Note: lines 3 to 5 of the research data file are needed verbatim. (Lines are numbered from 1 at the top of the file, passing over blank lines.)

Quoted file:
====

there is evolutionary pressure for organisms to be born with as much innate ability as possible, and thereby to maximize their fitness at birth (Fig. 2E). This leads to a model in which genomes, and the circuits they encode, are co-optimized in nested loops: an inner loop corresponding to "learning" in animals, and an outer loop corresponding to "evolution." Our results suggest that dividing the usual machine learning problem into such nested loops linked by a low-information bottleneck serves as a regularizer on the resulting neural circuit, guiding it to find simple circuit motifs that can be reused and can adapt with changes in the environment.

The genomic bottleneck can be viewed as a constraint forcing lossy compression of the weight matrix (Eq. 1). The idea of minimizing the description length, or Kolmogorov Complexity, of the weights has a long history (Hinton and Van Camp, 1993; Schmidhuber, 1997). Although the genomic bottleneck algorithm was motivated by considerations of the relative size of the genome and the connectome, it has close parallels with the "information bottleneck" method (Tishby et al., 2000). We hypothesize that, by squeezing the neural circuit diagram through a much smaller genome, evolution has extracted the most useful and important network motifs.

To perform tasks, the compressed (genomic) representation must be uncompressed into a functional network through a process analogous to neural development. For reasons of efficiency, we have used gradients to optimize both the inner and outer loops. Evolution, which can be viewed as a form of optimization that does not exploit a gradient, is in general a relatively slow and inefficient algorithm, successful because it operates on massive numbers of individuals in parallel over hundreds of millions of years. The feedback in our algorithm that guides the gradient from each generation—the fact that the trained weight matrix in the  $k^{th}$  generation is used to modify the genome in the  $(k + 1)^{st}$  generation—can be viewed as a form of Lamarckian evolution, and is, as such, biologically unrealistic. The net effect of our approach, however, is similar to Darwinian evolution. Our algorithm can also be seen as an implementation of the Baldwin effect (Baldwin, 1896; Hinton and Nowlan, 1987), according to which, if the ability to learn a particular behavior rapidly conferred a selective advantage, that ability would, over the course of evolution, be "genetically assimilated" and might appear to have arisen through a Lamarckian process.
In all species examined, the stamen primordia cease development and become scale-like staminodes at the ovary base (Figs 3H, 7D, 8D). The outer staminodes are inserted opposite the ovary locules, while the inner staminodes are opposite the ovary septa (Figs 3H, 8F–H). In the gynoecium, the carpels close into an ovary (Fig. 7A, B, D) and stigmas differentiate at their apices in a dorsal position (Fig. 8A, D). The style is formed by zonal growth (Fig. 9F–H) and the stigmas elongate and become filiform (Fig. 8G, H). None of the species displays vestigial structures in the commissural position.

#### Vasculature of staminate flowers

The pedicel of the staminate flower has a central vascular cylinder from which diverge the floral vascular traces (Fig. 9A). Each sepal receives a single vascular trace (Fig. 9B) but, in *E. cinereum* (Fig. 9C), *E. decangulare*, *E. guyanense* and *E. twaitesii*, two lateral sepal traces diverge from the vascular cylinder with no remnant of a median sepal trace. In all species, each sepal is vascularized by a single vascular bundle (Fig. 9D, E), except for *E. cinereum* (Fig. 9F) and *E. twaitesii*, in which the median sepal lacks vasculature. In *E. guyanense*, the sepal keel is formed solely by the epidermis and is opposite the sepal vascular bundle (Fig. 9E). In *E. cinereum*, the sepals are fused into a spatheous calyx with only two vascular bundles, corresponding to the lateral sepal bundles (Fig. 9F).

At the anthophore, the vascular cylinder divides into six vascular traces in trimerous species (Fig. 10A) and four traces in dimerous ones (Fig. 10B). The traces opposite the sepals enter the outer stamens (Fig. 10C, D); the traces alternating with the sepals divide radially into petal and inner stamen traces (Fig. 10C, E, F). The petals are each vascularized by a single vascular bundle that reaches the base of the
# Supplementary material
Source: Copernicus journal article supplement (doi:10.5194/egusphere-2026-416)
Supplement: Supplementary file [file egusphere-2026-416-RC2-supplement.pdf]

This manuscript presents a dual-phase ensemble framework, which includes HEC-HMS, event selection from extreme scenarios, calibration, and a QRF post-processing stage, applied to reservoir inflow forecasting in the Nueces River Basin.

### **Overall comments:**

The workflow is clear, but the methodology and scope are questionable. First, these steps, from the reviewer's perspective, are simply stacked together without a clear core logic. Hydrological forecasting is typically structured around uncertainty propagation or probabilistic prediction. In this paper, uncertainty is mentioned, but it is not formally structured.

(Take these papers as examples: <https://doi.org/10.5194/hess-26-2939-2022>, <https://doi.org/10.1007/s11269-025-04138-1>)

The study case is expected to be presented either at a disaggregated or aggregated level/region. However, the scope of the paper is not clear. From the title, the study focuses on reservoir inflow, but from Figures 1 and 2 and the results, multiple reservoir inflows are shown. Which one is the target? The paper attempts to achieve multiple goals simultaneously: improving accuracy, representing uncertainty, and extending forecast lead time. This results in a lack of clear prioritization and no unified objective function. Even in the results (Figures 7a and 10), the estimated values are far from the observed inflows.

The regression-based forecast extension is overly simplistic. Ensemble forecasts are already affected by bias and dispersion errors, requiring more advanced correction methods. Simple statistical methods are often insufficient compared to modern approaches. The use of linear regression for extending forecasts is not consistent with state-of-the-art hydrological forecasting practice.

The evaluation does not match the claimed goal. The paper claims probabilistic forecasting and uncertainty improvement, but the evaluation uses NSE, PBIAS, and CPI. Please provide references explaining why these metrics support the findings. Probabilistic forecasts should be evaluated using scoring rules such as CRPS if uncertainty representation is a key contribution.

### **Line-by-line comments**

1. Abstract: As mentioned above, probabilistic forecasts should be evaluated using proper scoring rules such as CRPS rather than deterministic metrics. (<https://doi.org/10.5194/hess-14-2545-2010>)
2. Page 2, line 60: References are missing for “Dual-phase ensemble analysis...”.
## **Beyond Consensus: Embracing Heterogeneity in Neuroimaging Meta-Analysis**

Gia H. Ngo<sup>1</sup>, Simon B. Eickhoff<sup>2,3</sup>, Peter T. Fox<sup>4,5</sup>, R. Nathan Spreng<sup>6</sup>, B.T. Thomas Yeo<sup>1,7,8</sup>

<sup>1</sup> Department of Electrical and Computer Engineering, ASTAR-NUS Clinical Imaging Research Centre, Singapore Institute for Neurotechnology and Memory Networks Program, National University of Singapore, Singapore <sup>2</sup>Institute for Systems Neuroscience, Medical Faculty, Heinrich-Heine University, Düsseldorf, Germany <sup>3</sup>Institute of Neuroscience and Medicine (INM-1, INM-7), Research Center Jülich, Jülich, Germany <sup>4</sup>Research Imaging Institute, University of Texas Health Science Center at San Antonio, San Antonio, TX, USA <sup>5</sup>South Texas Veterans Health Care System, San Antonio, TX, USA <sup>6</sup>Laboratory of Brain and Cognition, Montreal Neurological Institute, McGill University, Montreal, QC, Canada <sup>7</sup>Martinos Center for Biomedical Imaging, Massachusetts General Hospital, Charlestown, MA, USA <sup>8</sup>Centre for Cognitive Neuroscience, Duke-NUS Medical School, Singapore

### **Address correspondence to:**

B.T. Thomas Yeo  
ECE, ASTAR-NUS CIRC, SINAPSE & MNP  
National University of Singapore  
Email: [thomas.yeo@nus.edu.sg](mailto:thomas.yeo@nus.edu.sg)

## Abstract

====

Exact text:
To perform tasks, the compressed (genomic) representation must be uncompressed into a functional network through a process analogous to neural development. For reasons of efficiency, we have used gradients to optimize both the inner and outer loops. Evolution, which can be viewed as a form of optimization that does not exploit a gradient, is in general a relatively slow and inefficient algorithm, successful because it operates on massive numbers of individuals in parallel over hundreds of millions of years. The feedback in our algorithm that guides the gradient from each generation—the fact that the trained weight matrix in the  $k^{th}$  generation is used to modify the genome in the  $(k + 1)^{st}$  generation—can be viewed as a form of Lamarckian evolution, and is, as such, biologically unrealistic. The net effect of our approach, however, is similar to Darwinian evolution. Our algorithm can also be seen as an implementation of the Baldwin effect (Baldwin, 1896; Hinton and Nowlan, 1987), according to which, if the ability to learn a particular behavior rapidly conferred a selective advantage, that ability would, over the course of evolution, be "genetically assimilated" and might appear to have arisen through a Lamarckian process.
In all species examined, the stamen primordia cease development and become scale-like staminodes at the ovary base (Figs 3H, 7D, 8D). The outer staminodes are inserted opposite the ovary locules, while the inner staminodes are opposite the ovary septa (Figs 3H, 8F–H). In the gynoecium, the carpels close into an ovary (Fig. 7A, B, D) and stigmas differentiate at their apices in a dorsal position (Fig. 8A, D). The style is formed by zonal growth (Fig. 9F–H) and the stigmas elongate and become filiform (Fig. 8G, H). None of the species displays vestigial structures in the commissural position.

#### Vasculature of staminate flowers